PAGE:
A Pastoral Letter to
Pastors of The Lutheran Church–Missouri Synod
From President Jerry Kieschnick
August 11, 2010
Dear Brothers in Christ,
Grace and peace be with you, from God our Father and from our Lord and Savior, Jesus Christ!
This will be my last “Pastoral Letter” as president of The Lutheran Church–Missouri Synod. My term officially ends Sept. 1, so I’m spending some of the days of August moving out of the fourth-floor International Center office, not an insignificant challenge!
My thoughts and feelings these days are many and varied. I’m thankful for the privilege and humbled by the burden of having served as president of our beloved Synod, which has been led by men whose names are fairly familiar to many: Walther, Wyneken, Schwan, Pieper, Pfotenhauer, Behnken, Harms, Preus, Bohlmann, Barry, and Kuhn. Kieschnick is now leaving and Harrison is coming. Men with feet of clay, touched by God’s Spirit with a variety of gifts, recognized and asked to serve by people with hopes and dreams for the church body we all know and love – The Lutheran Church–Missouri Synod.
My hopes and dreams for our Synod have not been fully accomplished. No surprise there, for we are still the church militant, not yet the church triumphant. During my time in office, I’ve been perplexed by a number of things, some of which I identified and described in my verbal report to the Synod Convention a few weeks ago. One matter in particular continues to be a concern for me and for many. Here are slightly paraphrased excerpts from my report dealing with that specific concern:
1. An “inability to deal with diversity” in such issues as admission to Holy Communion, worship substance and style, the Office of the Public Ministry and the role of laity, and the service of women in the church.
2. A “lack of civility” that leads to rumors, lies, slander, sarcasm, and cruel satire, doing violence to the Eighth Commandment and sorely wounding our church.
3. A “politicized culture” that has turned our Synod into “a denomination of parties.”
4. These problems are “primarily a clergy problem.” Pastors “seem to be in the forefront of practices and attitudes unbefitting God’s people.”
5. “Poor communication across ‘Party Lines'” hampers the ability, or the will, to listen to one another.
6. A “lack of accountability” for “sinful attitudes and behaviors,” falling on the shoulders of district presidents and circuit counselors to “admonish, teach, encourage, and model ‘churchmanship.'”
7. “Distrust,” particularly among clergy, resulting in increasingly partisan politics.
Delegates to this convention have witnessed or experienced some of these firsthand. As disconcerting as these aspects of disharmony are, it is important that we acknowledge them. For only by facing up to our problems can we hope to fix them. Unity, harmony, and concord among us are not what they ought to be and need to be improved significantly.
This will not be accomplished by changes in structure and governance, but by the Spirit of God working within us through Word and Sacrament. That does not make structure and governance improvements insignificant or unnecessary. All problems we face must be addressed. A person who has both heart disease and kidney malfunction cannot ignore either of those conditions.
From my perspective on this side of the convention, those words have not diminished in importance. Unless and until these matters are addressed and resolved, our Synod will continue to be blown about by the changing winds of political persuasion. We are not at our best when finding fault with each other, when believing rumors and promulgating innuendo, when failing to “defend, speak well of, and put the best construction on everything.”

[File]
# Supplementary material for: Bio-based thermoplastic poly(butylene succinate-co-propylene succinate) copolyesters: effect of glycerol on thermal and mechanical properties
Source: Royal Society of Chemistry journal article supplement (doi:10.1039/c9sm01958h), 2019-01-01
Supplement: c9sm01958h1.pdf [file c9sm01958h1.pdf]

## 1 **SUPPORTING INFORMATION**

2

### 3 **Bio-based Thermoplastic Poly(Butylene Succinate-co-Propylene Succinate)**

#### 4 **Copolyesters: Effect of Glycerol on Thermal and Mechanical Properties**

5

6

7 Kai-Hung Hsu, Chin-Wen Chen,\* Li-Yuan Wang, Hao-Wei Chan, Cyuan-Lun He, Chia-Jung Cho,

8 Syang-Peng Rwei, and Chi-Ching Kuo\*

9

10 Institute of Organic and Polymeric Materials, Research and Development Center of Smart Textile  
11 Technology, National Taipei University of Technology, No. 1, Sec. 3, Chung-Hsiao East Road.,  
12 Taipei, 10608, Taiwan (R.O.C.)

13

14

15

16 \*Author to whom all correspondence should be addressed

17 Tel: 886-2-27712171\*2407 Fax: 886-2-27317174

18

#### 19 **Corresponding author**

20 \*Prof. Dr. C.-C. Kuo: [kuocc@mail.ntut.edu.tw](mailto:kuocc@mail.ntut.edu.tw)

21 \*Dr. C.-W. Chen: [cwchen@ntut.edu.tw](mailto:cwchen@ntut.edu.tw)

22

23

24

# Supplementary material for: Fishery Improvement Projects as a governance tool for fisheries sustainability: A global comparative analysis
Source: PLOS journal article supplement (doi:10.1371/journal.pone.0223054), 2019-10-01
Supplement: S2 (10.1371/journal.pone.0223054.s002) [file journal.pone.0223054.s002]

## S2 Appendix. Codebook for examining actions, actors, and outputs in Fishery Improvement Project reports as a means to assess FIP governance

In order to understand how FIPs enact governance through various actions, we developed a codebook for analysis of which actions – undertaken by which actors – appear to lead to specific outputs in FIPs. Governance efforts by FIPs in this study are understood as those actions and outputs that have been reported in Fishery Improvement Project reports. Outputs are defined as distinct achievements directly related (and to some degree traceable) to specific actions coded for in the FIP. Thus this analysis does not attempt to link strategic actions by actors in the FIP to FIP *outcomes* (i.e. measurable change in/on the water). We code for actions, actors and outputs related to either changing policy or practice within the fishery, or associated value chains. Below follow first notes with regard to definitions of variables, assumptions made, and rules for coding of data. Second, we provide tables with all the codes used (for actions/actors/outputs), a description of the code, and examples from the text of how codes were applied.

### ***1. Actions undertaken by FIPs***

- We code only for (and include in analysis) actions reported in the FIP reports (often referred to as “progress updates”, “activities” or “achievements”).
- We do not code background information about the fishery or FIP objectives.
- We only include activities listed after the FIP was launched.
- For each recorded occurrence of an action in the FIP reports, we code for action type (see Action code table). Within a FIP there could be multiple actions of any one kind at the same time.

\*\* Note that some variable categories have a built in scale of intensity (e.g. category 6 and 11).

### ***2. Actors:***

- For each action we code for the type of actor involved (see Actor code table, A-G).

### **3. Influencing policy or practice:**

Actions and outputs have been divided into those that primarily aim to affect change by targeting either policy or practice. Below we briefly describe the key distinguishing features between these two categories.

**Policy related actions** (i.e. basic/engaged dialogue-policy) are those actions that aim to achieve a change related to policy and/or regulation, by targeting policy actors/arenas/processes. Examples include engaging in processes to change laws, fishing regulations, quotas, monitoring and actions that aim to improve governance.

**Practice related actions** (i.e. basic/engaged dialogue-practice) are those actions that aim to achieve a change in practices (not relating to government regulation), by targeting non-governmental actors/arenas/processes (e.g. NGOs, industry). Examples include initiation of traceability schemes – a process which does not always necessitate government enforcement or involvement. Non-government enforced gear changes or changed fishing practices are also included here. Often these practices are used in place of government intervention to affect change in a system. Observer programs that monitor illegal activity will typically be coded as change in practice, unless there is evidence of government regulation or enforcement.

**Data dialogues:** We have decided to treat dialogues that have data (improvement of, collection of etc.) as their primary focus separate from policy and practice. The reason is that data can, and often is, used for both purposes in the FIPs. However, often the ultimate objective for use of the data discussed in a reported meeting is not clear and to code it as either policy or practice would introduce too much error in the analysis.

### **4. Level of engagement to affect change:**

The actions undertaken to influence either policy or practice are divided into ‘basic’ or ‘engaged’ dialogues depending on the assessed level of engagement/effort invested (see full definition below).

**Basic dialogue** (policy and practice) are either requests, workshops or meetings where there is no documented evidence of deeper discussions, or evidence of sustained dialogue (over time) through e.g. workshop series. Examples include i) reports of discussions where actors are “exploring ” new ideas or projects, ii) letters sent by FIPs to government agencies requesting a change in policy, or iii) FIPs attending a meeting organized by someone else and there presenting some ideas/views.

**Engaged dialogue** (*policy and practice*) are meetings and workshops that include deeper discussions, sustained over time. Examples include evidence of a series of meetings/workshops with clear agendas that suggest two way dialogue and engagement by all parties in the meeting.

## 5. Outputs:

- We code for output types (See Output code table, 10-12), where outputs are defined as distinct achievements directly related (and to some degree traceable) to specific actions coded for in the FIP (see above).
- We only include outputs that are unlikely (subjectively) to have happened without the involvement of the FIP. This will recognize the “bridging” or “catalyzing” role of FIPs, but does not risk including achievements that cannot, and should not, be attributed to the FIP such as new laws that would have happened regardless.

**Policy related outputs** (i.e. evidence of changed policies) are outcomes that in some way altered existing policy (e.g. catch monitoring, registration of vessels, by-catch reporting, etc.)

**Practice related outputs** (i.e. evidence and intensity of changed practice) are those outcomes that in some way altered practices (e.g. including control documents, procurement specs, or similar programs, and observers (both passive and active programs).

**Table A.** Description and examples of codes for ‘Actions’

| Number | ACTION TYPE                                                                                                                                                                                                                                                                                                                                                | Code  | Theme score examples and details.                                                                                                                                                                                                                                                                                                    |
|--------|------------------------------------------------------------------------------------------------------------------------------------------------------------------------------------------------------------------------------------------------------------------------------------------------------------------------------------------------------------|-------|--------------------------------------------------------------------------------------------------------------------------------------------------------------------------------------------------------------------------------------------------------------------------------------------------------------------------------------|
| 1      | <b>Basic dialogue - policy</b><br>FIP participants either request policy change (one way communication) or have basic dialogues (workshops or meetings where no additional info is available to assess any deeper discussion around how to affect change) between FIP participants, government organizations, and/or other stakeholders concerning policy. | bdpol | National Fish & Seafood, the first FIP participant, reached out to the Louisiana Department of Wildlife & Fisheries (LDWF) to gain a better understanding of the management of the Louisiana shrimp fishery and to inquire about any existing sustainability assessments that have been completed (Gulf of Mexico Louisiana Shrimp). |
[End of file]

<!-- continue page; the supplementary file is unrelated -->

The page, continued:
Satan delights at these failures, which I’ve described elsewhere in these words: “It is my own sense that the propensity for political propaganda that seems imbedded in our denominational DNA all too often divides our well-trained clergy, dispirits our godly lay men and lay women, weakens our witness to the world, and leaves us feeling torn and empty.”
In the place of such division, may God find us faithful in fulfilling vigorously the ONE Mission of seeking the lost for Christ, by communicating the ONE Message that Jesus Christ, and He alone, is the Savior of the world, as ONE People – Forgiven, striving side-by-side for the faith of the Gospel.
To that end I share with you these words of biblical encouragement and counsel:
- “Pay careful attention to yourselves and to all the flock, in which the Holy Spirit has made you overseers, to care for the church of God, which he obtained with his own blood” (Acts 20:28).
- “Therefore I tell you, whatever you ask in prayer, believe that you have received it, and it will be yours. And whenever you stand praying, forgive, if you have anything against anyone, so that your Father also who is in heaven may forgive you your trespasses” (Mark 11:24-25).
- “Finally, brothers, whatever is true, whatever is honorable, whatever is just, whatever is pure, whatever is lovely, whatever is commendable, if there is any excellence, if there is anything worthy of praise, think about these things. What you have learned and received and heard and seen in me – practice these things, and the God of peace will be with you” (Phil. 4:8-9).
- “May the God of endurance and encouragement grant you to live in such harmony with one another, in accord with Christ Jesus, that together you may with one voice glorify the God and Father of our Lord Jesus Christ” (Rom. 15:5-6).
The peace of the Lord be with you all!
Dr. Gerald B. Kieschnick, President
The Lutheran Church–Missouri Synod
e-mail: [email protected]
Web page: www.lcms.org/president
“Transforming lives through Christ’s love … in time … for eternity …” John 3:16-17